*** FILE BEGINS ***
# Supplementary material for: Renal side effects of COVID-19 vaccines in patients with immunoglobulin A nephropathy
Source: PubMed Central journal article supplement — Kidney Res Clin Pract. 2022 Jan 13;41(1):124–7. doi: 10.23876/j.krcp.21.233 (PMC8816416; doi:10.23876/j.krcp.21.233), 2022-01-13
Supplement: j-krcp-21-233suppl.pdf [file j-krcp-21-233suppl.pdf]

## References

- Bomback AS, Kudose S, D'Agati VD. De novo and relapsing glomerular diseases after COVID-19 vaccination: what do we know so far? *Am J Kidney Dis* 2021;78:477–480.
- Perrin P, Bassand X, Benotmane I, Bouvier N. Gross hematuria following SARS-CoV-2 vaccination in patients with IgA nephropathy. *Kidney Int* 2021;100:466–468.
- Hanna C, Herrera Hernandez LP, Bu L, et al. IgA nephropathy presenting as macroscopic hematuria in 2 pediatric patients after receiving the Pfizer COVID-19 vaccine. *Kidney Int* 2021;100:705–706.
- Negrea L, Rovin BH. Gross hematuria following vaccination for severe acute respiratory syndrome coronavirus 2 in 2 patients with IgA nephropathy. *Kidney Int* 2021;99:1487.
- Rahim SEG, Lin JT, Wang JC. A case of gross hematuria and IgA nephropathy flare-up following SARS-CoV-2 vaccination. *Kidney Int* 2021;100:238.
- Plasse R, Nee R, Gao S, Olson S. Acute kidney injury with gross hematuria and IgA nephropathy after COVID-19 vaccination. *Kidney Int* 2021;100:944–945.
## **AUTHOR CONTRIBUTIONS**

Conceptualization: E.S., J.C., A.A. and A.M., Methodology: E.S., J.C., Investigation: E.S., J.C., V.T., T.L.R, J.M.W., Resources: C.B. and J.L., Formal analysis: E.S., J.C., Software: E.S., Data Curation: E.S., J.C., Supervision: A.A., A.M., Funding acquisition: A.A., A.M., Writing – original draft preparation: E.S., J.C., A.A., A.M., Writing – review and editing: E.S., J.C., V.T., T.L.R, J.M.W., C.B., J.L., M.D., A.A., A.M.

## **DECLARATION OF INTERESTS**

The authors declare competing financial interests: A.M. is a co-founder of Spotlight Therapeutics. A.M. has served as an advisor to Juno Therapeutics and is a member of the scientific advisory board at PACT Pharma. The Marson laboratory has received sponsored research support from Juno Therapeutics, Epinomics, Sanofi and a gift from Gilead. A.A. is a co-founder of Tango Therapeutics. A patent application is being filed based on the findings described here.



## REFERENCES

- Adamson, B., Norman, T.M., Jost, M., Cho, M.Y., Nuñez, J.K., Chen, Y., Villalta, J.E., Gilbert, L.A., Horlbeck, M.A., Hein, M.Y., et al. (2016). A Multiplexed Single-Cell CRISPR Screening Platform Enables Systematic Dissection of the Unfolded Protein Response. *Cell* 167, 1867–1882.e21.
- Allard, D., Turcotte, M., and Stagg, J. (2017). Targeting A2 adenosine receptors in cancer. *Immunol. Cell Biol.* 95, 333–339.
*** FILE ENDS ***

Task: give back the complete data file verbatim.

# Supplementary material for: Renal side effects of COVID-19 vaccines in patients with immunoglobulin A nephropathy
Source: PubMed Central journal article supplement — Kidney Res Clin Pract. 2022 Jan 13;41(1):124–7. doi: 10.23876/j.krcp.21.233 (PMC8816416; doi:10.23876/j.krcp.21.233), 2022-01-13
Supplement: j-krcp-21-233suppl.pdf [file j-krcp-21-233suppl.pdf]

## References

- Bomback AS, Kudose S, D'Agati VD. De novo and relapsing glomerular diseases after COVID-19 vaccination: what do we know so far? *Am J Kidney Dis* 2021;78:477–480.
- Perrin P, Bassand X, Benotmane I, Bouvier N. Gross hematuria following SARS-CoV-2 vaccination in patients with IgA nephropathy. *Kidney Int* 2021;100:466–468.
- Hanna C, Herrera Hernandez LP, Bu L, et al. IgA nephropathy presenting as macroscopic hematuria in 2 pediatric patients after receiving the Pfizer COVID-19 vaccine. *Kidney Int* 2021;100:705–706.
- Negrea L, Rovin BH. Gross hematuria following vaccination for severe acute respiratory syndrome coronavirus 2 in 2 patients with IgA nephropathy. *Kidney Int* 2021;99:1487.
- Rahim SEG, Lin JT, Wang JC. A case of gross hematuria and IgA nephropathy flare-up following SARS-CoV-2 vaccination. *Kidney Int* 2021;100:238.
- Plasse R, Nee R, Gao S, Olson S. Acute kidney injury with gross hematuria and IgA nephropathy after COVID-19 vaccination. *Kidney Int* 2021;100:944–945.
## **AUTHOR CONTRIBUTIONS**

Conceptualization: E.S., J.C., A.A. and A.M., Methodology: E.S., J.C., Investigation: E.S., J.C., V.T., T.L.R, J.M.W., Resources: C.B. and J.L., Formal analysis: E.S., J.C., Software: E.S., Data Curation: E.S., J.C., Supervision: A.A., A.M., Funding acquisition: A.A., A.M., Writing – original draft preparation: E.S., J.C., A.A., A.M., Writing – review and editing: E.S., J.C., V.T., T.L.R, J.M.W., C.B., J.L., M.D., A.A., A.M.

## **DECLARATION OF INTERESTS**

The authors declare competing financial interests: A.M. is a co-founder of Spotlight Therapeutics. A.M. has served as an advisor to Juno Therapeutics and is a member of the scientific advisory board at PACT Pharma. The Marson laboratory has received sponsored research support from Juno Therapeutics, Epinomics, Sanofi and a gift from Gilead. A.A. is a co-founder of Tango Therapeutics. A patent application is being filed based on the findings described here.



## REFERENCES

- Adamson, B., Norman, T.M., Jost, M., Cho, M.Y., Nuñez, J.K., Chen, Y., Villalta, J.E., Gilbert, L.A., Horlbeck, M.A., Hein, M.Y., et al. (2016). A Multiplexed Single-Cell CRISPR Screening Platform Enables Systematic Dissection of the Unfolded Protein Response. *Cell* 167, 1867–1882.e21.
- Allard, D., Turcotte, M., and Stagg, J. (2017). Targeting A2 adenosine receptors in cancer. *Immunol. Cell Biol.* 95, 333–339.